The boldness, texture, composition and the lustrous twinkling of glitter mark Concetto spaziale out as an important coming of age for Fontana as he struggled to find a language which would transfer his linkage of the ancient Baroque with the futuristic age of space exploration. Concetto spaziale belongs to the group of so-called 'Barocchi' that Lucio Fontana created from 1954 until 1957, the date of this work. These Barocchi marked one of the most open embraces of an aesthetic which had long provided a touchstone for the artist, combining a sense of movement and of mysticism related to its use in churches throughout Italy during the Counter-reformation.
Fontana's relationship with the Baroque had begun early in his career, as was exemplified in his mosaic-covered sculptures and near-Futurist forms during the 1930s. It also played a crucial part in the development of 'Spatialism.' Fontana's almost architectural Ambienti often featured swirling, abstract forms as their centrepiece, not least his early installations involving ultraviolet lights that illuminated the three-dimensional objects hanging in an otherwise darkened space. These forms became central motifs in his paintings too, as is exemplified by Concetto spaziale and the other Barocchi. In this work, the yellow brushstrokes coalesce to form an image that teeters on the brink of the recognisable. There is the vaguest hint of a human figure, or of some strange nebula or constellation. However, the crucial characteristic conjured by these forms is that of movement. Movement, time passing, matter passing through space: these are the qualities that lay at the heart of Fontana's Spatialism, an aesthetic created that would be appropriate to the Space Age in which he was living. And it was this sense of movement that was so crucial to the Baroque, as Fontana himself explained:
'A form of art is now demanded which is based on the necessity of this new vision. The baroque has guided us in this direction, in all its as yet unsurpassed grandeur, where the plastic form is inseparable from the notion of time, the images appear to abandon the plane and continue into space the movements they suggest. This conception arose from man's new idea of the existence of things; the physics of that period reveal for the first time the nature of dynamics. It is established that movement is an essential condition of matter as a beginning of the conception of the universe' (Lucio Fontana, Manifesto tecnico dello Spazialismo, trans. C. Damiano, 1951, reproduced in L. Massimo Barbero (ed.), Lucio Fontana: Venice/New York, exh. cat., Venice & New York, 2006, p. 229).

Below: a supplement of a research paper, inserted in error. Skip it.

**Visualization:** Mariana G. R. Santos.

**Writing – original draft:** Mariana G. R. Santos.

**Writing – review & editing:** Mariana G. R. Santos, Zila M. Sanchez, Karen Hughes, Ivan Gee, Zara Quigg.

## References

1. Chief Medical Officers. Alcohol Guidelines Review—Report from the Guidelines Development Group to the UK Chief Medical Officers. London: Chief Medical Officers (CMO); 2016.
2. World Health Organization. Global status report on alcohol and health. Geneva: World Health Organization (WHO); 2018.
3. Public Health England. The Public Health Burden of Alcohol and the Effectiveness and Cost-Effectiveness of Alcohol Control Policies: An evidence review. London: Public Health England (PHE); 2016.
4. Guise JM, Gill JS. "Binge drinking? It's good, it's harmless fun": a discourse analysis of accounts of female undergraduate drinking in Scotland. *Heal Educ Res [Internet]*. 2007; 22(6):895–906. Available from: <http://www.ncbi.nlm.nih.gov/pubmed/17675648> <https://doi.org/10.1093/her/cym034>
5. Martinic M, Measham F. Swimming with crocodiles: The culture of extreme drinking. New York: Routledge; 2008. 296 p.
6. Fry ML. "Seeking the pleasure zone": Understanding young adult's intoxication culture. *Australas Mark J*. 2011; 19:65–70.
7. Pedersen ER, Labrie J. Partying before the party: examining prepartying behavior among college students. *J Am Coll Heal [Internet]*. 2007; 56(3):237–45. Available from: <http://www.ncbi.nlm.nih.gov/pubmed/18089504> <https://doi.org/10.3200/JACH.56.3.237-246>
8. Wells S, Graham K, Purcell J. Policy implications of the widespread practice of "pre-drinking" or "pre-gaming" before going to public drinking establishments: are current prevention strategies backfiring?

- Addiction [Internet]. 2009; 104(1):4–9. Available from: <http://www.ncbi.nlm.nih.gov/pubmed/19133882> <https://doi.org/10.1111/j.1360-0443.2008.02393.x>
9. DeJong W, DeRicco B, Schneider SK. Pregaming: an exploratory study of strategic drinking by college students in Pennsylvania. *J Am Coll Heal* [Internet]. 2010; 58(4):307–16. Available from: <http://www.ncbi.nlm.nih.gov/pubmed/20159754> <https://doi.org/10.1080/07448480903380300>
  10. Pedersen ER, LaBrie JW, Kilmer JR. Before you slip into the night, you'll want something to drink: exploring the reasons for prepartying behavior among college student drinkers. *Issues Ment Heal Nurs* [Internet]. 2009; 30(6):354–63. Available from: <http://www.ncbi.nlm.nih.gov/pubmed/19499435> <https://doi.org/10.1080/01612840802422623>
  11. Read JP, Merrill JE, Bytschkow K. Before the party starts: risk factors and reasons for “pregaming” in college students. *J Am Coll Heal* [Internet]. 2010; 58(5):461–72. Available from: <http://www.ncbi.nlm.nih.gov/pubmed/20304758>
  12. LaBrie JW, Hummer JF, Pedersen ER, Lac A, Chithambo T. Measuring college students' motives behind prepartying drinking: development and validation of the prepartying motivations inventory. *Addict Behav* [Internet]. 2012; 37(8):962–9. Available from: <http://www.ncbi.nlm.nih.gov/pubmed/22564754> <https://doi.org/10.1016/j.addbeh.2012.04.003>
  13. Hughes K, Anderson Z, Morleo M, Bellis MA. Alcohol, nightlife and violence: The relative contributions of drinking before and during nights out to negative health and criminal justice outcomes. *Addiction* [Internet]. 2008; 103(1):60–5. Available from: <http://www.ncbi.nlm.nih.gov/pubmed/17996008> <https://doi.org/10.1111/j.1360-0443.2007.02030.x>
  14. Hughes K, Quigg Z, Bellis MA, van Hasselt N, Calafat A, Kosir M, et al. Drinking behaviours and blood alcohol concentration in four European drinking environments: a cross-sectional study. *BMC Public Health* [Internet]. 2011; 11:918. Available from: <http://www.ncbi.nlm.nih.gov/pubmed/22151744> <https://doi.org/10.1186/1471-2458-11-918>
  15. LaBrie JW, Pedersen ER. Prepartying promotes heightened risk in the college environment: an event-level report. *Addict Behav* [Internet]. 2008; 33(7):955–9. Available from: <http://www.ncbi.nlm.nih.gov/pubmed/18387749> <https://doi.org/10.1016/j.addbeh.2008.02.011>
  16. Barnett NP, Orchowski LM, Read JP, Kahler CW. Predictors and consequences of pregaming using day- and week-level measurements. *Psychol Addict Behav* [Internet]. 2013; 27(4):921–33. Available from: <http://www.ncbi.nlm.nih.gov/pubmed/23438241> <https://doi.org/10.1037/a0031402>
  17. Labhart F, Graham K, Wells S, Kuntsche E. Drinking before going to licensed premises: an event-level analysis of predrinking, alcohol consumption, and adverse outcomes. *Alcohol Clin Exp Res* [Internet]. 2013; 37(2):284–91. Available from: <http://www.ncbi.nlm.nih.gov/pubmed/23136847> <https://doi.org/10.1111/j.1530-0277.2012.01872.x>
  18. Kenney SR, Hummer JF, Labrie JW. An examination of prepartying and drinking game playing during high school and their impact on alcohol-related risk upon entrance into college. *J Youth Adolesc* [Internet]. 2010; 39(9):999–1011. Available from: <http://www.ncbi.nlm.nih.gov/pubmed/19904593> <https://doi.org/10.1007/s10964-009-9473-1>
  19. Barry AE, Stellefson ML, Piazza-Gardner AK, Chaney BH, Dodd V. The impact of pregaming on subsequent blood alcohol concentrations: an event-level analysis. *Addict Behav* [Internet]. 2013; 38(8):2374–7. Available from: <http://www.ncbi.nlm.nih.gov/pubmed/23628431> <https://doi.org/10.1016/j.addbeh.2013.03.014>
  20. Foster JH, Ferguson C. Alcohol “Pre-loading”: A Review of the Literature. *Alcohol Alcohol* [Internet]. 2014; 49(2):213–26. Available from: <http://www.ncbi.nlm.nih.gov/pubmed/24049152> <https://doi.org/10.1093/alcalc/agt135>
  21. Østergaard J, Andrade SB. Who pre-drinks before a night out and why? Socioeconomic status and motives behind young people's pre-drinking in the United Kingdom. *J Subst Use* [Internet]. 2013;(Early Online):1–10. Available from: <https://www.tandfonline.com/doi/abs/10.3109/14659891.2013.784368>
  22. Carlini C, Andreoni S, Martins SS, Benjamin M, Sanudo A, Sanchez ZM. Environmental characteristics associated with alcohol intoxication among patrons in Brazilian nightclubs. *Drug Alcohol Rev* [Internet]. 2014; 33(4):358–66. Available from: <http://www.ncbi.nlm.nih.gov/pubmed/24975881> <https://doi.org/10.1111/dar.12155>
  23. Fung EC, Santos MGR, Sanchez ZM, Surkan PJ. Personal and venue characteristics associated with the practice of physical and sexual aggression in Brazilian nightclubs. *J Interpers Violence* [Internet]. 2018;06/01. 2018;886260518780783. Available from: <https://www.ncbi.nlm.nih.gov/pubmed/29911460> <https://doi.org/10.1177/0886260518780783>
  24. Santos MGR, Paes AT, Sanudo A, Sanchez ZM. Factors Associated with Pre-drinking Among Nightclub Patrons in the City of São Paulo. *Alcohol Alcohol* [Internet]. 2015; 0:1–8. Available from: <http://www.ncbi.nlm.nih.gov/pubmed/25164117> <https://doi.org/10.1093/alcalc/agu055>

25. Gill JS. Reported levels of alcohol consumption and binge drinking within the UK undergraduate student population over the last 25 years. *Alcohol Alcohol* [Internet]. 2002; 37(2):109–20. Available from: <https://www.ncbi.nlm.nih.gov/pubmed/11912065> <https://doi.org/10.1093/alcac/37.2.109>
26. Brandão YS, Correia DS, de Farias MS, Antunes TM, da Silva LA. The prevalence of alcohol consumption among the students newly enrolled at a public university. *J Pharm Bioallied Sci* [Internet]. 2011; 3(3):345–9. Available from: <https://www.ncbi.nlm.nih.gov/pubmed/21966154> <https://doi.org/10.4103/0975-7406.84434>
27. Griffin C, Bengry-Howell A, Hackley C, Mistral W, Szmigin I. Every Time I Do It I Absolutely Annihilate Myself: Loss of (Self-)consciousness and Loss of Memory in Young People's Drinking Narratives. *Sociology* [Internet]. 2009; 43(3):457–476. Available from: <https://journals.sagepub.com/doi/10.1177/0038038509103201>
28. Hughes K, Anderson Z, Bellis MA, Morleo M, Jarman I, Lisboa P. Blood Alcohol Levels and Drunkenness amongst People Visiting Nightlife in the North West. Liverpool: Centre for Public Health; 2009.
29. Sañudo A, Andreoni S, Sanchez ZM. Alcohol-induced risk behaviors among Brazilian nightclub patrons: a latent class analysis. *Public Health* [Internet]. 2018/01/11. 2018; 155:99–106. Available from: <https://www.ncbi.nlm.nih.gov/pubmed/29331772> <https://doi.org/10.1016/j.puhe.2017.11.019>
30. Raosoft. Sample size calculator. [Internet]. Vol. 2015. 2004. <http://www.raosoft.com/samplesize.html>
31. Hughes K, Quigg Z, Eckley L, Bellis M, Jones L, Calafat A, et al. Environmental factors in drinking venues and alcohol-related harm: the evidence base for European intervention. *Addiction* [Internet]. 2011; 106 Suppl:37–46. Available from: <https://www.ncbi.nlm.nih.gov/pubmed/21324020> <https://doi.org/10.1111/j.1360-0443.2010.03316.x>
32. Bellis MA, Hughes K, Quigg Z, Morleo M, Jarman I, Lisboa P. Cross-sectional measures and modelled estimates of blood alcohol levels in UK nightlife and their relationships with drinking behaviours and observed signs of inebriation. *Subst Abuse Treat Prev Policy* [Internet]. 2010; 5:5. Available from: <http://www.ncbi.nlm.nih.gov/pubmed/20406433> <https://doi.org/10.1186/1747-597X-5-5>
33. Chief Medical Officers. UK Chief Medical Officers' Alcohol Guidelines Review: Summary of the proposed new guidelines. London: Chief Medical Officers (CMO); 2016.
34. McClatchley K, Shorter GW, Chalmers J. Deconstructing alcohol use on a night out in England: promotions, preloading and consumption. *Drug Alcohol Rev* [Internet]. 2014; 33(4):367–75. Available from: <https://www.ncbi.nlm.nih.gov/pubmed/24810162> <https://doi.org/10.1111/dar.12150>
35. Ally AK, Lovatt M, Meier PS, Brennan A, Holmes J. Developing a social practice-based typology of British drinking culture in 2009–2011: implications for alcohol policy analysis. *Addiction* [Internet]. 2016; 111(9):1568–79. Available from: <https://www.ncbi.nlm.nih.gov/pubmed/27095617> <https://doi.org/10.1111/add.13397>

In Concetto spaziale, the flashes of yellow paint add a dynamism to a surface that is already filled with textural contrasts, with glitter and with holes punctured in the surface. There is a wealth and even opulence to the overall appearance of Concetto spaziale, yet Fontana's credentials as a protagonist of the Informel are paradoxically in evidence too, in the gestural application of the yellow paint and in the holes perforating the picture plane. These holes, which emphasise the three-dimensionality of the picture, introduce the notion of space to the very surface of Concetto spaziale while also bearing witness to Fontana's own gestures in repeatedly piercing the canvas, creating tiny pools of imperishable infinity surrounded by the canvas, thereby resulting in an artwork that, to paraphrase the First Spatial Manifesto, may not have been immortal yet was eternal.